Back to Basics (campaign)
Intended as a nostalgic appeal to traditional values, it subsequently backfired when a succession of Conservative ministers were caught up in scandals.
The previous year of Major's premiership had been beset by infighting within the Conservative party on the issue of Europe, including rebellions in several Parliamentary votes on the Maastricht Treaty. He was also dealing with the fallout from the Black Wednesday economic debacle of September 1992.
John Major's speech
Major's speech, delivered on 8 October 1993, began by noting the disagreements over Europe:
Disunity leads to opposition. Not just opposition in Westminster, but in the European Parliament and in town halls and county halls up and down this country ... [a]nd if agreement is impossible, and sometimes on great issues it is difficult, if not impossible, then I believe I have the right, as leader of this party, to hear of that disagreement in private and not on television, in interviews, outside the House of Commons.
Major then changed the subject to "a world that sometimes seems to be changing too fast for comfort". He attacked many of the changes in Britain since the Second World War, singling out developments in housing, education, and criminal justice. He then continued:
The old values - neighbourliness, decency, courtesy - they're still alive, they're still the best of Britain. They haven't changed, and yet somehow people feel embarrassed by them. Madam President, we shouldn't be. It is time to return to those old core values, time to get back to basics, to self-discipline and respect for the law, to consideration for others, to accepting a responsibility for yourself and your family and not shuffling off on other people and the state.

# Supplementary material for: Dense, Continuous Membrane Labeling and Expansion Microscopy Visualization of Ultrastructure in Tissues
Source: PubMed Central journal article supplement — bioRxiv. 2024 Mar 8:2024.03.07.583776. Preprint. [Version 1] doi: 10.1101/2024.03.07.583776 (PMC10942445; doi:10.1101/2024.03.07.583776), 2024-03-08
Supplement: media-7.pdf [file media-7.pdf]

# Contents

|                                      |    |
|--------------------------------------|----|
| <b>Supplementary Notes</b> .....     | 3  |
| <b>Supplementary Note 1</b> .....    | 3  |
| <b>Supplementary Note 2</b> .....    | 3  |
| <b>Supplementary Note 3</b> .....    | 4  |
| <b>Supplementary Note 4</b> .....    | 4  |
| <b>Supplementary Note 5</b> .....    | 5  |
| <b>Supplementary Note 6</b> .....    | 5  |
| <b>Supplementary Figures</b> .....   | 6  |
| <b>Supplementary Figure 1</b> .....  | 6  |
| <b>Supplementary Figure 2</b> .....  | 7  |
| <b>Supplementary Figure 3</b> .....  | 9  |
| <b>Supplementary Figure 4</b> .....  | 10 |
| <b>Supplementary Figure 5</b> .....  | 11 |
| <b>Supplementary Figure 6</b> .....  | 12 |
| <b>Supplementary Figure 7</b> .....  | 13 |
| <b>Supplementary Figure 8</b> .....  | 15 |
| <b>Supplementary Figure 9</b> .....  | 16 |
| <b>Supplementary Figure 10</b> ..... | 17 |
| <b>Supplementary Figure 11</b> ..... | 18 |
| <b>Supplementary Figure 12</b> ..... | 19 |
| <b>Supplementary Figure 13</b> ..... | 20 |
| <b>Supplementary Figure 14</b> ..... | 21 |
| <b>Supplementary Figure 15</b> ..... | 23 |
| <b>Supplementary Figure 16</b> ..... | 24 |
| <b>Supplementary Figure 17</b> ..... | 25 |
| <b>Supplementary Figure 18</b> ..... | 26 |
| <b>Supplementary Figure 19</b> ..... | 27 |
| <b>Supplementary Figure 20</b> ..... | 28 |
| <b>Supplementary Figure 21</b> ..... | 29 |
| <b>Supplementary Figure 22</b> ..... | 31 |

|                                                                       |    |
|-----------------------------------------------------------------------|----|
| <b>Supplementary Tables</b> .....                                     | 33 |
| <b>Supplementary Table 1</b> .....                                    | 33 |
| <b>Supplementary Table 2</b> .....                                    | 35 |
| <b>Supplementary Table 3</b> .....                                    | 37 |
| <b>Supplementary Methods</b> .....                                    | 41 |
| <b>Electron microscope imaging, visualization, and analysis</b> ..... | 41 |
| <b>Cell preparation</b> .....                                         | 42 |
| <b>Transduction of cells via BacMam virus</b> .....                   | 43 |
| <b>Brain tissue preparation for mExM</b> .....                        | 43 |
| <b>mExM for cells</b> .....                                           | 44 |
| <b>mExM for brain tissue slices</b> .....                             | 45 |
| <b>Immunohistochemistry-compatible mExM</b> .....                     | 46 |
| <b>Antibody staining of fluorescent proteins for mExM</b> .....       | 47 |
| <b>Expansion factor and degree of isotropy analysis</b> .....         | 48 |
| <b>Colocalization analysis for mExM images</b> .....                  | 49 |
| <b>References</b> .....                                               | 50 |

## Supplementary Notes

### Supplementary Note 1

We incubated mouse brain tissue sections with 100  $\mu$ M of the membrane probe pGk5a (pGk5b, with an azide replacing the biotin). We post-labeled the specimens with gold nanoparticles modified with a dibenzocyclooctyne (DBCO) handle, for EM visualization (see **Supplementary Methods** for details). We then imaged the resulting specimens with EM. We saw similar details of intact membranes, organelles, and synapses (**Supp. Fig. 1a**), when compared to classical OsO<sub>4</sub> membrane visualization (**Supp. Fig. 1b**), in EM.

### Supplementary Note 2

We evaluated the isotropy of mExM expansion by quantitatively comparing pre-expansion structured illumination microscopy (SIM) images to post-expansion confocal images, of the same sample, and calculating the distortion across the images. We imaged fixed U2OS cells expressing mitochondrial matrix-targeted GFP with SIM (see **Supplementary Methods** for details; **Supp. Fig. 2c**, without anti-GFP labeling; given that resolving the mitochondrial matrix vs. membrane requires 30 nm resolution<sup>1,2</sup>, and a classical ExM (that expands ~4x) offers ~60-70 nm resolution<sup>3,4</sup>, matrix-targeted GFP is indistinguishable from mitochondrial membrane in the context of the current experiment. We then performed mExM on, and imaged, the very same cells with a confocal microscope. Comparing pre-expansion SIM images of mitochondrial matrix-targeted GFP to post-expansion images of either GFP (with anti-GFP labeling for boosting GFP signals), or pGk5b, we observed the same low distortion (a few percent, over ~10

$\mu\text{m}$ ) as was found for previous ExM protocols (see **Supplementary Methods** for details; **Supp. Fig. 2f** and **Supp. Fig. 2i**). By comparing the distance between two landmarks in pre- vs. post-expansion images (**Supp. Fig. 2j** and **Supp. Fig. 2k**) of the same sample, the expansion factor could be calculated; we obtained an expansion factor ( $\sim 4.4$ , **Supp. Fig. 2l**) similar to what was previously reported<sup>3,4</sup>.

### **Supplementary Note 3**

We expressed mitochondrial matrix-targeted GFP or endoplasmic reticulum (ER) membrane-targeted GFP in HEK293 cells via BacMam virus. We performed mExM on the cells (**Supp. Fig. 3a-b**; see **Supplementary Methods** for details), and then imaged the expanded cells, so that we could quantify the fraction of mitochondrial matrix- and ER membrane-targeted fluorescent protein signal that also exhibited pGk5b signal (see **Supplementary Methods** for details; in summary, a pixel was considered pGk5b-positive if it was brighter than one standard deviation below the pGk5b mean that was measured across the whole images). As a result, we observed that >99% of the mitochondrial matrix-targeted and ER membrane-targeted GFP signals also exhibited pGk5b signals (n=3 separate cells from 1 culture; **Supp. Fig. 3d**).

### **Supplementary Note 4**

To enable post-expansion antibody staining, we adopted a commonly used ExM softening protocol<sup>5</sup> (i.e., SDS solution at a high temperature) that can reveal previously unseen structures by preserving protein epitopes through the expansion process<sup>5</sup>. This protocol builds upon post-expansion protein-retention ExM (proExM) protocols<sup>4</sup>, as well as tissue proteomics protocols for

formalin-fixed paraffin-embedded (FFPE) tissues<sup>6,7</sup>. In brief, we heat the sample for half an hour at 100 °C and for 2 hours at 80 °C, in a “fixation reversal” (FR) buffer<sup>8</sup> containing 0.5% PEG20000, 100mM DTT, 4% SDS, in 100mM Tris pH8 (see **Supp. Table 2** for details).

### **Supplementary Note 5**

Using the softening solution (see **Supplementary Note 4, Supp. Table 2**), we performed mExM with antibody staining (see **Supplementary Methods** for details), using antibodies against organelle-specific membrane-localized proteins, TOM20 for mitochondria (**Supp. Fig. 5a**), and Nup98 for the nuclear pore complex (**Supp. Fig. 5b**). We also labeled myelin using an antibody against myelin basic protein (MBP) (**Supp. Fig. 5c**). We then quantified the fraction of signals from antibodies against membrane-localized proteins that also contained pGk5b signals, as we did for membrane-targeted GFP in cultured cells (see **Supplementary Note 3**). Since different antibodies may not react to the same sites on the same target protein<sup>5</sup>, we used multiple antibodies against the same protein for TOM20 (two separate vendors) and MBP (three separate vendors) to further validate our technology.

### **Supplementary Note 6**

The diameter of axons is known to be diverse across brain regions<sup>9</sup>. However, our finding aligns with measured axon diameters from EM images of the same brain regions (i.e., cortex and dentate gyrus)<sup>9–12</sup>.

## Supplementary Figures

He mentioned the phrase once again near the conclusion of his speech:
The message from this conference is clear and simple, we must go back to basics. We want our children to be taught the best, our public services to give the best, our British industry to be the best and the Conservative Party will lead the country back to those basic rights across the board. Sound money, free trade, traditional teaching, respect for the family and respect for the law. And above all, we will lead a new campaign to defeat the cancer that is crime.
Conflation with attacks on single mothers
During 1993, Britain was going through what has been characterized as a moral panic on the issue of single mothers. Government ministers regularly made speeches on the issue, such as John Redwood's condemnation of "young women [who] have babies with no apparent intention of even trying marriage or a stable relationship with the father of the child" from July 1993, and Peter Lilley's characterization of single mothers as "benefit-driven" and "undeserving" from the same year. The murder of James Bulger earlier in 1993, by two young boys from single-parent families, served to intensify the media frenzy.